Your Financial Future

Five Common Retirement
Planning Mistakes

Only 13% of American workers say they are "very confident" they will have enough money to live comfortably throughout retirement.1 To help reduce such uncertainty from your life, consider these five common investment pitfalls — and strategies designed to avoid them.

Mistake #1: Waiting to Maximize Your Contributions

The sooner you start contributing the maximum amount allowed by your employer-sponsored retirement plan, the better your chances for building a significant retirement account balance. By starting early, you allow more time for your contributions — and potential earnings — to compound, or build upon themselves, on a tax-deferred basis. For 2014, the maximum you can contribute to your 401(k), 403(b), or 457 plan is $17,500. If you are age 50 or older, you can sock away an additional $5,500, bringing the total to $23,000. If you can't contribute the max, be sure to contribute enough to take full advantage of any company match contributions.

Mistake #2: Ignoring Specific Financial Goals

It is difficult to create an effective investment plan without first targeting a specific dollar amount and recognizing how much time you have to pursue that goal. To enjoy the same quality of life in retirement that you have become accustomed to during your prime earning years, you may need the equivalent of anywhere between 60% and 100% of your final working year's salary for each year of retirement.

Mistake #3: Fearing Stock Volatility

It is true that stock investments face a greater risk of short-term price swings than fixed-income investments. However, stocks have historically produced stronger earnings over the long term.2 In general, the longer your investment time horizon, the more you might want to rely on stock funds.

Mistake #4: Timing the Market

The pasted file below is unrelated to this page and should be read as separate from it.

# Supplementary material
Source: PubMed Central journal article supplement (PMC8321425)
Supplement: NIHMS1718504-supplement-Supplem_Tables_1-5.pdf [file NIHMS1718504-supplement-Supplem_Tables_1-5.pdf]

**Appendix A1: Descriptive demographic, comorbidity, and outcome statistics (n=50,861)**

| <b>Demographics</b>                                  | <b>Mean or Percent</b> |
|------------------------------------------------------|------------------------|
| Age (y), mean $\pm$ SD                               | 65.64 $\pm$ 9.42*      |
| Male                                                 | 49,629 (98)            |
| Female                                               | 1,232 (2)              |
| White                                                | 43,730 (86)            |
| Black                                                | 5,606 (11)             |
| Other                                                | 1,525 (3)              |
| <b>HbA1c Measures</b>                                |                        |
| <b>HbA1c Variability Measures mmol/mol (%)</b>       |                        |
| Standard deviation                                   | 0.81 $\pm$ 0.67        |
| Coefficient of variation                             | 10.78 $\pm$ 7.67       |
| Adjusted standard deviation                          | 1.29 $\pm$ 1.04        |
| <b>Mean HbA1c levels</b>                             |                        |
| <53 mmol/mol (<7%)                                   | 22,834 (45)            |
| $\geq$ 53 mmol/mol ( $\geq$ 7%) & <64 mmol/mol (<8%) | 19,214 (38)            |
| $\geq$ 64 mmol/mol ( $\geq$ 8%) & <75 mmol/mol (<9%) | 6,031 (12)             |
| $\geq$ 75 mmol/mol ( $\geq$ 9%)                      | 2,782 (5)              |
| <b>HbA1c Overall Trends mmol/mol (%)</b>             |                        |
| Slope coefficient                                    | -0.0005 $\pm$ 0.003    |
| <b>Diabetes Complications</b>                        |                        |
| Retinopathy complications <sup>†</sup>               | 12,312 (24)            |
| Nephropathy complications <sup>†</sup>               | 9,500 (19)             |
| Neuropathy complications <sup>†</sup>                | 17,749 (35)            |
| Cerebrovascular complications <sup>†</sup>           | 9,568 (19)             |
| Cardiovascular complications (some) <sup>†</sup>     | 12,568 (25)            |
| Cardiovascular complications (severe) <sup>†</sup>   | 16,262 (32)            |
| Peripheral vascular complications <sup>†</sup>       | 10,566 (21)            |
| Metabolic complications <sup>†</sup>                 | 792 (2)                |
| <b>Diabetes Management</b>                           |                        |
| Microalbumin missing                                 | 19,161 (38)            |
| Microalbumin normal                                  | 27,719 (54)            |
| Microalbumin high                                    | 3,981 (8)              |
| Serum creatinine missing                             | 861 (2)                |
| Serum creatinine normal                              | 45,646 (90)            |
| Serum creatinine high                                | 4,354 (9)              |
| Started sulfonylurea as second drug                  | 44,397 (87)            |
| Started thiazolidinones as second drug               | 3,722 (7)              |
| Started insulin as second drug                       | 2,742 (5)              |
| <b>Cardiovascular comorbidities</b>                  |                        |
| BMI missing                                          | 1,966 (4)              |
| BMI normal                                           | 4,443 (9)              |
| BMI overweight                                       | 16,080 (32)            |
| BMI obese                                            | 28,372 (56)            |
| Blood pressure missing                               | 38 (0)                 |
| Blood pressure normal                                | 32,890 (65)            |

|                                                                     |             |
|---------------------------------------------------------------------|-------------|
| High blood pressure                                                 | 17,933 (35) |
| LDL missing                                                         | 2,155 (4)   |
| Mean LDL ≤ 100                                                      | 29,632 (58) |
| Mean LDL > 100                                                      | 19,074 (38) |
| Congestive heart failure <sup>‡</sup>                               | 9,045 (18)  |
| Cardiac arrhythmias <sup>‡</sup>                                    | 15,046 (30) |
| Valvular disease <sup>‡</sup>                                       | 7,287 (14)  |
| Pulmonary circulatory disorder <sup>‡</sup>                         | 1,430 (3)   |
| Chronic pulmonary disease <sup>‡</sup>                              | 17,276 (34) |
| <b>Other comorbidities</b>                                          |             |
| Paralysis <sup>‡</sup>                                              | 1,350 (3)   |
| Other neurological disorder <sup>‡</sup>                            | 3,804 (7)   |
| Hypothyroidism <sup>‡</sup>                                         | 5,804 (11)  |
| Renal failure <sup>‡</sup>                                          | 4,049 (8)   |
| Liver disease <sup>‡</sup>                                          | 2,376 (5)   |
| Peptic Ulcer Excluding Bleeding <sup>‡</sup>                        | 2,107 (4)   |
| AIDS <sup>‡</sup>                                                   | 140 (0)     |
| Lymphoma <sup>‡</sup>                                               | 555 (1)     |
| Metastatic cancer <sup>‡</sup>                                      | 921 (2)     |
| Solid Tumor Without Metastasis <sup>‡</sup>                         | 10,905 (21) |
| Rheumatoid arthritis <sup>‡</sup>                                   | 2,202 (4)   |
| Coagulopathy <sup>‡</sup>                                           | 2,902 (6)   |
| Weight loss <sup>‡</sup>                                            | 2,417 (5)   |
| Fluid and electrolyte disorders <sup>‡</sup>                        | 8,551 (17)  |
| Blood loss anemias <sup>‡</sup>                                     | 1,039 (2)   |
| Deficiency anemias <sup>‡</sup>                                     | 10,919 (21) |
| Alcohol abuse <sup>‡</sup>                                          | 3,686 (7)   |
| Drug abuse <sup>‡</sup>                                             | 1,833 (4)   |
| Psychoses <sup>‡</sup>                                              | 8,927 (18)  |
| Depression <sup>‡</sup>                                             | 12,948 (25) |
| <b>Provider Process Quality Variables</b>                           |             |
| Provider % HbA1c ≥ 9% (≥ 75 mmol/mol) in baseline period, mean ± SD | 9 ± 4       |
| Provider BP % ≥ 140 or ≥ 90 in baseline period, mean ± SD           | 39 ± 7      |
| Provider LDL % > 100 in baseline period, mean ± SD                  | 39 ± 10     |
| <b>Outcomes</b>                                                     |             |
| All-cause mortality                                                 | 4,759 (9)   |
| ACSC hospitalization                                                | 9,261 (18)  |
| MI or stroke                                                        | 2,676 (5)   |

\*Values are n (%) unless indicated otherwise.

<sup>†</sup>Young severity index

Some investors try to base investment decisions on daily price swings. But unless you have a crystal ball, timing the market could be very risky. A better idea might be to buy and hold investments for several years.

Mistake #5: Failing to Diversify3

Investing in just one fund or asset class could subject your investment portfolio to unnecessary risk. Spreading your money over a well-chosen mix of investments may help reduce the potential for loss during periods of market volatility. Diversification may offset losses in any one investment or asset category by taking advantage of possible gains elsewhere.

Now that you are aware of these five common investment errors, consider yourself lucky: You are ready to benefit from other people's experiences — without making the same mistakes.

1Source: Employee Benefit Research Institute, 2013 Retirement Confidence Survey, March 2013.
2Source: Wealth Management Systems Inc. Stocks are represented by total returns from Standard & Poor's Composite Index of 500 Stocks, an unmanaged index generally considered representative of the U.S. stock market. Bonds are represented by annual total returns of long-term (10+ years) Treasury Bonds. Indexes do not take into account the fees and expenses associated with investing, and individuals cannot invest in any index. Past performance is no guarantee of future results. With any investment, it is possible to lose money.
3Diversification does not ensure a profit or protect against a loss.